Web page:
Friday, July 26, 2013

Addressing Africa's Energy Gap for Economic Development: Key Elements - Demographics & Infrastructure

Hilton American Houston, 6pm, Africa Leadership Magazine - 2013
Conference Theme: Bridging the Energy Infrastructure Gap in Africa
My Remarks by Ambassador (Dr.) Robin Renee Sanders, CEO FEEEDS

I have recently been discussing at different forums in the U.S. and Africa that today's Africa is not your mother’s Africa. It is a region which continues to undergo a lot of positive political and economic changes.  Many more of its 54 countries are embracing democratic change, holding free and fair elections, and moving forward as key players on the global stage. However, this does not diminish the serious challenges that remain in certain parts of the region on security, governance, transparency, and development in the energy and infrastructure sectors.
When I was asked to say a few words at this important conference on “Bridging the Energy Infrastructure Gap in Africa,” I agreed as long as I could talk about the impact of Africa’s energy and infrastructure issues as regards to development. 

Yes, we have all heard the stories that 7-8 of the fastest growing economies in the world today are in Sub-Saharan Africa.  This growth is project to remain high for 2013, according to both the IMF and World Bank, and over the next 20 years, with GDP rates between 5.8-7 percent.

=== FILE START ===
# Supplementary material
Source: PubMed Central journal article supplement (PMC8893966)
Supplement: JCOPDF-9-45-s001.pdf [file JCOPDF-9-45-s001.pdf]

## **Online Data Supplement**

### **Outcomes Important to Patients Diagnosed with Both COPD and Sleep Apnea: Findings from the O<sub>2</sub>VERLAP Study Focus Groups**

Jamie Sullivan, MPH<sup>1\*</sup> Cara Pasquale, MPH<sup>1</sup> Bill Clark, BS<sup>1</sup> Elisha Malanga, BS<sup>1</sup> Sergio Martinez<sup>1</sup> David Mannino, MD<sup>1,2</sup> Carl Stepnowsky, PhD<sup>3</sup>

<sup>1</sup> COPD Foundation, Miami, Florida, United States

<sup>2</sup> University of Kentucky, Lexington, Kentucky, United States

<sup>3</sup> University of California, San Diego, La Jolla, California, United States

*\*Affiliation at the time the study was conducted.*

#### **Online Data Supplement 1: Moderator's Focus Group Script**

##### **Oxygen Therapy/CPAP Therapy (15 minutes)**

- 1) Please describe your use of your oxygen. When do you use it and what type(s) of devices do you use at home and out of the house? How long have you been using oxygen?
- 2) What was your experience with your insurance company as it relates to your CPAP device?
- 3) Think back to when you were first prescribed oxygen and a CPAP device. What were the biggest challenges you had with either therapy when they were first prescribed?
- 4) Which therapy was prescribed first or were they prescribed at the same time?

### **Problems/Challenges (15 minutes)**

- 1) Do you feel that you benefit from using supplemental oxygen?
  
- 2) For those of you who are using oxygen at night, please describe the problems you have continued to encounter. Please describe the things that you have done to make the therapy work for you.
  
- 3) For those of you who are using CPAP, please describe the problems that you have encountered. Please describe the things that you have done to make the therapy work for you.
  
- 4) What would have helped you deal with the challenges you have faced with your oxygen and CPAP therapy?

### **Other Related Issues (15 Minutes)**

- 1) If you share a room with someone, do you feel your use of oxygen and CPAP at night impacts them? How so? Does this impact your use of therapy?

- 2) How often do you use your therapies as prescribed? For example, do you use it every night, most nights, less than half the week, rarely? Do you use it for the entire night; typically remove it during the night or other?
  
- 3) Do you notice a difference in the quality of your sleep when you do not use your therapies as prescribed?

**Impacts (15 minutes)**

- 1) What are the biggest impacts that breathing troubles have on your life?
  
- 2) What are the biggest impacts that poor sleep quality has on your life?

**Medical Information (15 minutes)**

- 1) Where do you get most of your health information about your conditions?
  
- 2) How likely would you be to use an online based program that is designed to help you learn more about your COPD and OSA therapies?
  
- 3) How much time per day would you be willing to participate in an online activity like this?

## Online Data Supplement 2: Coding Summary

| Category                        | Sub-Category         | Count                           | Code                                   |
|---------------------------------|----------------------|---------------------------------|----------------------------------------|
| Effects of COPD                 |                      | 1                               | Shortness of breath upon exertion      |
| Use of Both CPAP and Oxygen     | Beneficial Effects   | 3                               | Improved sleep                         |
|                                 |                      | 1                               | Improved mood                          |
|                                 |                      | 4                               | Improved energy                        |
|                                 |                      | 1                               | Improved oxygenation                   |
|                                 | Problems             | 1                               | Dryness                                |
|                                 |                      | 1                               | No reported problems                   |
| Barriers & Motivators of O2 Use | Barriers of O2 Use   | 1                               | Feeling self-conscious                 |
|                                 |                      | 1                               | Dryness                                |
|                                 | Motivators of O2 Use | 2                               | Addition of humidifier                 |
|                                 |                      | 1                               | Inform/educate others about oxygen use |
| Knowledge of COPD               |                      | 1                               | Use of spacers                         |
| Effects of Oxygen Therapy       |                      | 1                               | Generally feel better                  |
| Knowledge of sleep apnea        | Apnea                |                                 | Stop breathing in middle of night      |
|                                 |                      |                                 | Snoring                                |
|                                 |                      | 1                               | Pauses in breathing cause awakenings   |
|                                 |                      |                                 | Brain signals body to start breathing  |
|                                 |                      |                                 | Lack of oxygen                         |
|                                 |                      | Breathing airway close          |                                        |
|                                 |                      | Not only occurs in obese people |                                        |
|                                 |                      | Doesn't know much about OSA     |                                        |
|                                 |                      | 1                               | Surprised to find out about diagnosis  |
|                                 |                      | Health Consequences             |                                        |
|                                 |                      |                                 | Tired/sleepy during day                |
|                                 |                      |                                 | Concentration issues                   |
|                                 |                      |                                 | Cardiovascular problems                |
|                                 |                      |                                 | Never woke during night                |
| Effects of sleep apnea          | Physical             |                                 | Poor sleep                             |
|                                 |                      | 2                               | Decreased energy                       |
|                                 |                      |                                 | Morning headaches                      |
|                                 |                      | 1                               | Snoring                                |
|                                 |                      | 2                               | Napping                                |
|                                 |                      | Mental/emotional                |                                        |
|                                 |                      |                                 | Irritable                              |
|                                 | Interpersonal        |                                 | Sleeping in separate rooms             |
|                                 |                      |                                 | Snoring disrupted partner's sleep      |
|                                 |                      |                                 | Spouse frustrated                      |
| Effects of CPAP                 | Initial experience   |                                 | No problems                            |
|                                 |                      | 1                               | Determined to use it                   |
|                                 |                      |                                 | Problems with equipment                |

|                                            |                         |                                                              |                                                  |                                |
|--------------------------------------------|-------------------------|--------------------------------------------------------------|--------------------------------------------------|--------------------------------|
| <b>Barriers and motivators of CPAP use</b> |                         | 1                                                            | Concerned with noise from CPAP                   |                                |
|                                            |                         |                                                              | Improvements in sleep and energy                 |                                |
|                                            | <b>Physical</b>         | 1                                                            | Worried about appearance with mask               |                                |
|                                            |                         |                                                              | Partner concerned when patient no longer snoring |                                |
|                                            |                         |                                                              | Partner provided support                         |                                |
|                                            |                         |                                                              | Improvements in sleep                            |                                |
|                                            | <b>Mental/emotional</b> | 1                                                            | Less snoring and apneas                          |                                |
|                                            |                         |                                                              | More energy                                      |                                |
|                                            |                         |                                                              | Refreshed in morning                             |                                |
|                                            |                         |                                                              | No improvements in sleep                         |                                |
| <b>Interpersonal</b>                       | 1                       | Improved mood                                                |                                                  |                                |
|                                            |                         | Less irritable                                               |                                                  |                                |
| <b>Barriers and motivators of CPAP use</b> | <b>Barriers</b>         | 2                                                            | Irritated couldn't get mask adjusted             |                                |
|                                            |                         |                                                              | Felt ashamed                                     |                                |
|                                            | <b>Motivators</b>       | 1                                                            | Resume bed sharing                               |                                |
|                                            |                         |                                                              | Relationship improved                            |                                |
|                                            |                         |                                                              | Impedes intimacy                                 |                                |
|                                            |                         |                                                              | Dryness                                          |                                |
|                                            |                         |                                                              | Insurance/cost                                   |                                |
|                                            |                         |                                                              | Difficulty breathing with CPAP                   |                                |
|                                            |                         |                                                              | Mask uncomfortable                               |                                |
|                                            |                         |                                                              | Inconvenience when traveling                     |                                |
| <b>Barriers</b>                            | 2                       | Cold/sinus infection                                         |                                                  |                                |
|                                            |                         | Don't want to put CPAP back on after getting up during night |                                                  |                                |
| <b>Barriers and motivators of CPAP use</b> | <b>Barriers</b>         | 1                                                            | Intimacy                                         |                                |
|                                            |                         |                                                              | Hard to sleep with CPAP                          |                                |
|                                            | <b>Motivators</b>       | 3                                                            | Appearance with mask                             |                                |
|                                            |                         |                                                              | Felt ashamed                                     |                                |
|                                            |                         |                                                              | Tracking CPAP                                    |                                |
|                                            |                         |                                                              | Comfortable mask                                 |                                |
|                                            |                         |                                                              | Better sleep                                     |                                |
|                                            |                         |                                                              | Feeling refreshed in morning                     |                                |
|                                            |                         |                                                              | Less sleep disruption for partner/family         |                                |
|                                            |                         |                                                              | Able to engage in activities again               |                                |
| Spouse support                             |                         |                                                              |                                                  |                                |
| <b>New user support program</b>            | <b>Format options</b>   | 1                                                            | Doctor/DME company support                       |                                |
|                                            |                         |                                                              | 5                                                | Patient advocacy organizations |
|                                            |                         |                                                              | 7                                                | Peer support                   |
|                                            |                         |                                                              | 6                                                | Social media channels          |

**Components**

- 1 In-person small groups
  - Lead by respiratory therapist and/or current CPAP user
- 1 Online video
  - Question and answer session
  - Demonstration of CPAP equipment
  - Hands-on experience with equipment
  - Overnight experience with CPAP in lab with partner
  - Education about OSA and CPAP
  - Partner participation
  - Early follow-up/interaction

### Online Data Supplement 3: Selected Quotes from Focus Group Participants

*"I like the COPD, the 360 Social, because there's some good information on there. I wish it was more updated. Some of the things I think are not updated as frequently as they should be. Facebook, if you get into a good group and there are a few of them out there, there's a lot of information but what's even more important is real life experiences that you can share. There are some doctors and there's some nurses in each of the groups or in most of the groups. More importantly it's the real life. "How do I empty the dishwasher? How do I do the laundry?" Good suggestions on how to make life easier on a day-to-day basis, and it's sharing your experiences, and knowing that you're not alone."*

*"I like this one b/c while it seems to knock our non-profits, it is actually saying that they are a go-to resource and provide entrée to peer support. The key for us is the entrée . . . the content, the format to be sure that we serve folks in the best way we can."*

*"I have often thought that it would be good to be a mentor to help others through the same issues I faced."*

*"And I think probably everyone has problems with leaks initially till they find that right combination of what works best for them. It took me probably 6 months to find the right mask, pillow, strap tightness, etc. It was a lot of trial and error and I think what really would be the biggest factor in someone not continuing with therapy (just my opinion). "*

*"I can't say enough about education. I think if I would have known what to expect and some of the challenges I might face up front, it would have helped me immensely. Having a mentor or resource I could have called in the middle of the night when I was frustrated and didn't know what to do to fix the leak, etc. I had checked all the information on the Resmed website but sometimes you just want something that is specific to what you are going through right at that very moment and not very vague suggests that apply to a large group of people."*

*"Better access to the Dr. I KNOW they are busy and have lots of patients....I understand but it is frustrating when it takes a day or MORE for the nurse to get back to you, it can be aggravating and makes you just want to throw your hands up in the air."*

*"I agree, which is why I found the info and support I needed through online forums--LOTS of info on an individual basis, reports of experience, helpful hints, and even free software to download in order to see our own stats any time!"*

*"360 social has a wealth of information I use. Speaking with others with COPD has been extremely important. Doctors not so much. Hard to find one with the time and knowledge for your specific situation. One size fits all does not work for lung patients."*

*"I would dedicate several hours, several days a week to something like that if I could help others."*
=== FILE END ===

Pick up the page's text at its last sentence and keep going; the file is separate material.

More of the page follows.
But what does this mean to the average African person who still lives on less than $1.00 a day – a good bit of that poverty is due to both a lack of access to adequate energy options, and attendant infrastructure problems.  The way I like to think of this is: “energy-infrastructure-development are 3 legs of the same stool.” There is no full economic progress unless these 3 legs are addressed, and addressed together. According to the UN despite all the good news on economic growth, the per capita increase from 2011 to 2012was only 2.7 to 2.8 per cent.

But before I talk about the energy-infrastructure-development links, there are a number of fundamentals that are key to putting your conference theme into perspective in order to better appreciate the enormous task ahead. First it is important to link energy infrastructure issues to the demographics of today and what they mean for both issues and for the future development of the continent.

The single most important demographics that affects Africa's energy sector, infrastructure and attendant development challenges is: population.  Right now the region is slated to reach a population of 1.9 billion people by 2030 (providing growth rates remain the same), with the billionth person having been born on the continent in December 2011. Furthermore, 60 per cent of that population is under 35 years of age, and nearly half of that 1.9 billion population figure will be women.*

So, how do these demographics relate to the energy-infrastructure link? If you think the gap is bad now between development and poverty, if the energy-infrastructure link is not addressed now more effectively and more efficiently, SSAfrica's population demographics are just going to further widen the gap – leaving those in poverty now, in poverty, but also adding another 1 million people yearly that could enter the poverty matrix. And, let’s not forget the issue of job creation and the negative impact that the current problems of energy and infrastructure have on Africa’s employment. This employment needs will further be acerbated with the rising population numbers noted above.